While other members of his computer-science PhD programme were working on projects, Kory Mathewson took a Google break. Earlier this year, he attended a presentation on job opportunities at the company and spotted a mathematical puzzle on one of the slides. Solving that puzzle led him to a series of coding challenges that helped him to win the ultimate prize: a 12-week internship at the global technology giant that ended in June.
Burgers, steaks, hot dogs — red meat is a North American diet staple, but our carnivore cravings may be killing us. After tracking food choices of more than 121,000 adults for up to 28 years, Harvard researchers found that those who ate three ounces of red meat every day were about 13 per cent more likely to die before the study ended — often from heart disease or cancer — than those who didn’t eat meat.
Alastair Loutit had a lot on his plate in the first months of his neuroscience PhD at the University of New South Wales in Sydney, Australia. He had to get acquainted with the lab, plan his first experiments and find the best places to train for his bicycle road races. But as a newcomer to the city, Loutit also had something else preying on his mind: finding a place to live that wouldn't destroy his budget. “My girlfriend and I looked around for about two months,” he says.
Muck Rack makes it simple to find people, tweets, or articles that mention any name, keyword, company, hashtag etc. We've compiled this guide to help you make the most of your search.
Selecting a term
Start searching tweets, articles from media outlets, articles mentioned in tweets, journalists'
names, titles and bios with some suggested searches:
Companies or Topics (e.g. iPhone, Microsoft)
Phrases (e.g. "cloud computing") — use quotes to keep the terms together
Twitter handles (e.g. @username) — returns those who have mentioned or replied to
Names (e.g. "David Pogue")
Hashtags (e.g. #sxsw, #london2012)
Bio details (e.g. vegan, Olympics, father)
Muck Rack's Advanced Search allows for many boolean operators.
Find results that mention multiple specified terms, use AND or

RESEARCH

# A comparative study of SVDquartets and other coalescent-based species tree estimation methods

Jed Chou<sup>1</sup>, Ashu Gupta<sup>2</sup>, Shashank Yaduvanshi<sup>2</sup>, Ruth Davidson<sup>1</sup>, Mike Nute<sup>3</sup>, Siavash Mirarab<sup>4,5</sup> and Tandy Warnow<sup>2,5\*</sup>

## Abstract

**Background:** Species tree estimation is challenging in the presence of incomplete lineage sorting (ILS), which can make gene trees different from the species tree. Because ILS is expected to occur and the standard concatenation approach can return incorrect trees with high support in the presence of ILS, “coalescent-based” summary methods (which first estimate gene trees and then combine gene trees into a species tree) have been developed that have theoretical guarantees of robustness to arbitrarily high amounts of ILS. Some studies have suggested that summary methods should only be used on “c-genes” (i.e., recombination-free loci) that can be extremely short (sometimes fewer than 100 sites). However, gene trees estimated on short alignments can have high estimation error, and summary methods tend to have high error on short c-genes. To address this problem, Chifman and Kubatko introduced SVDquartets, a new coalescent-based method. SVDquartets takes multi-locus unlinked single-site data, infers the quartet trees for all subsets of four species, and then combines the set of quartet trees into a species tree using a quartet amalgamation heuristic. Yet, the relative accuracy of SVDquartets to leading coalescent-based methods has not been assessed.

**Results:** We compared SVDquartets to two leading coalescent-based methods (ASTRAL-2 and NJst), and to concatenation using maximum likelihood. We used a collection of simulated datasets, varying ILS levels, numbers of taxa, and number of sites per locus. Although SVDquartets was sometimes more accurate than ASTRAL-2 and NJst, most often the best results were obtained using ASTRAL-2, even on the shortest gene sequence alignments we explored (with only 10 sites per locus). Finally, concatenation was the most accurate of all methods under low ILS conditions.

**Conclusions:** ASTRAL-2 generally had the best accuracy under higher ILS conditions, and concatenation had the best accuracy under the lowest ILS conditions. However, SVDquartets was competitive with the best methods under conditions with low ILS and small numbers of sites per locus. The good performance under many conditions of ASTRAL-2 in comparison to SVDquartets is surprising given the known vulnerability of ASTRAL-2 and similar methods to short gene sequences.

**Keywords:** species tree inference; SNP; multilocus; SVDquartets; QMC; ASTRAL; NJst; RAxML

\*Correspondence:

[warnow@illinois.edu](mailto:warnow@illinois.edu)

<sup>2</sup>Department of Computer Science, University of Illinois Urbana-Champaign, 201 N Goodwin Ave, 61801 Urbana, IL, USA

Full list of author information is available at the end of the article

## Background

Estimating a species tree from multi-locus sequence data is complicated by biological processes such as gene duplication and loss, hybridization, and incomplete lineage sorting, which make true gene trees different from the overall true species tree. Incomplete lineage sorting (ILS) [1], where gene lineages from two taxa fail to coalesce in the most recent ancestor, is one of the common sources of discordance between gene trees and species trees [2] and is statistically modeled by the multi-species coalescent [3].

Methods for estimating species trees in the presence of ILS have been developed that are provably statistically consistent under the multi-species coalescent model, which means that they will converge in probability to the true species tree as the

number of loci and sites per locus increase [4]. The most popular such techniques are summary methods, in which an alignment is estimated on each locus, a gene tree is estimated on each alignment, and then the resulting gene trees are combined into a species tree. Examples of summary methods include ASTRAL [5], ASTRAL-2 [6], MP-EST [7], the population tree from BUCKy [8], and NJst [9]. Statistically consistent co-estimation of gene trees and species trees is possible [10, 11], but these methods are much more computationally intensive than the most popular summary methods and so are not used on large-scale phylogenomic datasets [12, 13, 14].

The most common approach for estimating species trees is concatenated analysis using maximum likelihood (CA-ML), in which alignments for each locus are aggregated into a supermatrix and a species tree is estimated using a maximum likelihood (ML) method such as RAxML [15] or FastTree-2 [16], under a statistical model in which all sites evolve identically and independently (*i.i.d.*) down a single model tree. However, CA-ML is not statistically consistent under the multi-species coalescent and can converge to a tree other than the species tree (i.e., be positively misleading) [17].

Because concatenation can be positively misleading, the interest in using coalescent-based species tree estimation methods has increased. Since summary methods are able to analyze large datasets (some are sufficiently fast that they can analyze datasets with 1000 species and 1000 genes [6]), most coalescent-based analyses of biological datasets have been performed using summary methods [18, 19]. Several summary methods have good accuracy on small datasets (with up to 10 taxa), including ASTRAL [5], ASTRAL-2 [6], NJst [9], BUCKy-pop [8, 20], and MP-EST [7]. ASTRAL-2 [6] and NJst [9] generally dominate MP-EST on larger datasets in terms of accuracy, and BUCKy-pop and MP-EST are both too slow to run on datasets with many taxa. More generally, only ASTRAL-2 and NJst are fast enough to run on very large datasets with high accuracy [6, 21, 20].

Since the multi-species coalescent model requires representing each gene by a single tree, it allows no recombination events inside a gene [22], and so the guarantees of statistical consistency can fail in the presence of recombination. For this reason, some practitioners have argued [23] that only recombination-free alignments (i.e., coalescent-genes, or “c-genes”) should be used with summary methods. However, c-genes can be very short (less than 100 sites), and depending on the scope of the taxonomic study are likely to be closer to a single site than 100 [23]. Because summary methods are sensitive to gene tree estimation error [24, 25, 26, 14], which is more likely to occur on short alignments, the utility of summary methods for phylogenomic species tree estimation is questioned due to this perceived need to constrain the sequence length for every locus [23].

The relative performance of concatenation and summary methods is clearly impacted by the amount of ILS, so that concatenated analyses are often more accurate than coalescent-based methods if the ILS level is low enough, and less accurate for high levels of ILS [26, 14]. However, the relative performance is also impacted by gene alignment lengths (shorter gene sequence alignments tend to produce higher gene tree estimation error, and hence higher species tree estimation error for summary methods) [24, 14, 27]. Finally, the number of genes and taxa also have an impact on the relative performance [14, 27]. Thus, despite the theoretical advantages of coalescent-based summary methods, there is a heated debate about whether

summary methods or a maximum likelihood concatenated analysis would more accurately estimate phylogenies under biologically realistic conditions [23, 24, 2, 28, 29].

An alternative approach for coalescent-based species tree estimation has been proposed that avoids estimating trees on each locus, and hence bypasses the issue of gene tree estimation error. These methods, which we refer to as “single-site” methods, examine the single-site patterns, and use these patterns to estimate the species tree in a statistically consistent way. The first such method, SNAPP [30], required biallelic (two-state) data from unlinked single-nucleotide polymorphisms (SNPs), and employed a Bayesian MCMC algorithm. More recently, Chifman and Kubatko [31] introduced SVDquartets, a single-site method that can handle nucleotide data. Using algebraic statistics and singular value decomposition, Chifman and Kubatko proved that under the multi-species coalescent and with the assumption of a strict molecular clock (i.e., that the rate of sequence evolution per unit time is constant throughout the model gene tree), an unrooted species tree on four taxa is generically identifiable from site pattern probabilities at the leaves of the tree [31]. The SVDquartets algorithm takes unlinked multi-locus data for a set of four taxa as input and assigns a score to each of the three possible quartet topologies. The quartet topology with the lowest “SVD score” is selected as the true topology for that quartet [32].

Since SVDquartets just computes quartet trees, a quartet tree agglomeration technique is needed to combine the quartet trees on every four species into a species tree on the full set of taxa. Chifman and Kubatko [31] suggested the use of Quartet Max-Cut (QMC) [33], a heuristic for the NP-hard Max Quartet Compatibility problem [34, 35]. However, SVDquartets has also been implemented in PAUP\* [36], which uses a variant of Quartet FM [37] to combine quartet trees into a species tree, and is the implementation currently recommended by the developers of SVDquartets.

+. For example, ensure each result contains both Elon Musk and Mark Zuckerberg by
searching Obama AND Romney or Obama + Romney.
Use the operators OR or , to broaden your search when you'd like either of
multiple terms to appear in results. (This is the default behavior of our search when no operators
are used.) For example, search for democrat OR republican to find results that refer to
Democrats and/or Republicans.
Use NOT or - to subtract results from your search. For
example, searching Disney will yield results about the Walt Disney Company as well as Walt Disney
World Resort. To exclude mentions of Disney World, search for Disney -World or Disney
When using one of these operators with a phrase, enclose it in quotation marks. For example, you can
find results about smartphones excluding Apple's iPhone 4S by searching smartphone -"iPhone
Exact case matching or punctuation
If you're searching for a brand name or keyword that relies on specific punctuation marks or capitalization, you can
find results that match your exact query by adding matchcase: before the keyword you're searching for, like matchcase:E*TRADE .
Use parentheses to separate multiple
boolean phrases. For example, to find journalists talking about having fun in Disney World or
Disneyland, search for ("disney world" OR disneyland) AND fun.
An asterisk can be used to search for any variation of a root word truncated by the asterisk. For example, searching for admin* will return results for administrator, administration, administer, administered, etc.
A near operator is an AND operator where you can control the distance between the words. You can vary the distance the near operation uses by adding a forward slash and number (between 0-99) such as strawberries NEAR/10 "whipped cream", which means the strawberries must exist within 10 words of "whipped cream".